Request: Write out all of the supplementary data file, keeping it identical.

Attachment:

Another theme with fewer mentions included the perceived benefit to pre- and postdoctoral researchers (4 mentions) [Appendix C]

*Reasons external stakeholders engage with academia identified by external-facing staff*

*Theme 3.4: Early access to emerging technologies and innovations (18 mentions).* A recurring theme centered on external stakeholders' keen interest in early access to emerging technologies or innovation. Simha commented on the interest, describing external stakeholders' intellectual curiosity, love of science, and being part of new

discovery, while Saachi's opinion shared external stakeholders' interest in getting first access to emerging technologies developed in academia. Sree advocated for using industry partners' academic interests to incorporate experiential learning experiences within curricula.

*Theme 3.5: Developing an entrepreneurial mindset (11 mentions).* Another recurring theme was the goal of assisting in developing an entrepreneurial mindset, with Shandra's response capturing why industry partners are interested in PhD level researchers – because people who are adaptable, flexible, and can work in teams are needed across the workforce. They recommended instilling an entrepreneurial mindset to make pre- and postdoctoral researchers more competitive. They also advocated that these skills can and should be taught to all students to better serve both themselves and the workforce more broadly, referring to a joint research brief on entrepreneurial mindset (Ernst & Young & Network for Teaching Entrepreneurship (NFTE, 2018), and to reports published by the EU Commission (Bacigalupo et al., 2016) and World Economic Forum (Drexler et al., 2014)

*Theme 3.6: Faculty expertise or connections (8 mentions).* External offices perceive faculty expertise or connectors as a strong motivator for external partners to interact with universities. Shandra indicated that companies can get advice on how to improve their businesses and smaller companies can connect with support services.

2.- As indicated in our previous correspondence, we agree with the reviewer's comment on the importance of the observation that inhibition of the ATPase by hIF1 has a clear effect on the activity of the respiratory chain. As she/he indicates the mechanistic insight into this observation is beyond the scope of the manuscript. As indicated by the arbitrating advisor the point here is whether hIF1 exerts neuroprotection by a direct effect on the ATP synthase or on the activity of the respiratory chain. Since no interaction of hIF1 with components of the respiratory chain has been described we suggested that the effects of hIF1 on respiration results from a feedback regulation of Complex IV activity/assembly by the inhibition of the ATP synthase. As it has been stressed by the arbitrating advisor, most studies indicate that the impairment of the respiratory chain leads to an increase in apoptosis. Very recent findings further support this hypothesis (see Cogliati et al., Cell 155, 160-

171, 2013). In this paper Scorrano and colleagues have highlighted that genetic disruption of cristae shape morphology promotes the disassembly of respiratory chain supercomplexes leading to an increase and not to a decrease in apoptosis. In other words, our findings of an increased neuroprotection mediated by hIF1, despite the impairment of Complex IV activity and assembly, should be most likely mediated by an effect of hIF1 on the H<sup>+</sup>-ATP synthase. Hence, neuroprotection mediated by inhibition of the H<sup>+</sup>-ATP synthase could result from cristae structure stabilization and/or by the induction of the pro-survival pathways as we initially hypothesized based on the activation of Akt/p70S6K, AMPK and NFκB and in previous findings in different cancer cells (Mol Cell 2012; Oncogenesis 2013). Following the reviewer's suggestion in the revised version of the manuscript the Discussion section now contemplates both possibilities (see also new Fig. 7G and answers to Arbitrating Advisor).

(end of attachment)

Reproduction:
Another theme with fewer mentions included the perceived benefit to pre- and postdoctoral researchers (4 mentions) [Appendix C]

*Reasons external stakeholders engage with academia identified by external-facing staff*

*Theme 3.4: Early access to emerging technologies and innovations (18 mentions).* A recurring theme centered on external stakeholders' keen interest in early access to emerging technologies or innovation. Simha commented on the interest, describing external stakeholders' intellectual curiosity, love of science, and being part of new

discovery, while Saachi's opinion shared external stakeholders' interest in getting first access to emerging technologies developed in academia. Sree advocated for using industry partners' academic interests to incorporate experiential learning experiences within curricula.

*Theme 3.5: Developing an entrepreneurial mindset (11 mentions).* Another recurring theme was the goal of assisting in developing an entrepreneurial mindset, with Shandra's response capturing why industry partners are interested in PhD level researchers – because people who are adaptable, flexible, and can work in teams are needed across the workforce. They recommended instilling an entrepreneurial mindset to make pre- and postdoctoral researchers more competitive. They also advocated that these skills can and should be taught to all students to better serve both themselves and the workforce more broadly, referring to a joint research brief on entrepreneurial mindset (Ernst & Young & Network for Teaching Entrepreneurship (NFTE, 2018), and to reports published by the EU Commission (Bacigalupo et al., 2016) and World Economic Forum (Drexler et al., 2014)

*Theme 3.6: Faculty expertise or connections (8 mentions).* External offices perceive faculty expertise or connectors as a strong motivator for external partners to interact with universities. Shandra indicated that companies can get advice on how to improve their businesses and smaller companies can connect with support services.

2.- As indicated in our previous correspondence, we agree with the reviewer's comment on the importance of the observation that inhibition of the ATPase by hIF1 has a clear effect on the activity of the respiratory chain. As she/he indicates the mechanistic insight into this observation is beyond the scope of the manuscript. As indicated by the arbitrating advisor the point here is whether hIF1 exerts neuroprotection by a direct effect on the ATP synthase or on the activity of the respiratory chain. Since no interaction of hIF1 with components of the respiratory chain has been described we suggested that the effects of hIF1 on respiration results from a feedback regulation of Complex IV activity/assembly by the inhibition of the ATP synthase. As it has been stressed by the arbitrating advisor, most studies indicate that the impairment of the respiratory chain leads to an increase in apoptosis. Very recent findings further support this hypothesis (see Cogliati et al., Cell 155, 160-

171, 2013). In this paper Scorrano and colleagues have highlighted that genetic disruption of cristae shape morphology promotes the disassembly of respiratory chain supercomplexes leading to an increase and not to a decrease in apoptosis. In other words, our findings of an increased neuroprotection mediated by hIF1, despite the impairment of Complex IV activity and assembly, should be most likely mediated by an effect of hIF1 on the H<sup>+</sup>-ATP synthase. Hence, neuroprotection mediated by inhibition of the H<sup>+</sup>-ATP synthase could result from cristae structure stabilization and/or by the induction of the pro-survival pathways as we initially hypothesized based on the activation of Akt/p70S6K, AMPK and NFκB and in previous findings in different cancer cells (Mol Cell 2012; Oncogenesis 2013). Following the reviewer's suggestion in the revised version of the manuscript the Discussion section now contemplates both possibilities (see also new Fig. 7G and answers to Arbitrating Advisor).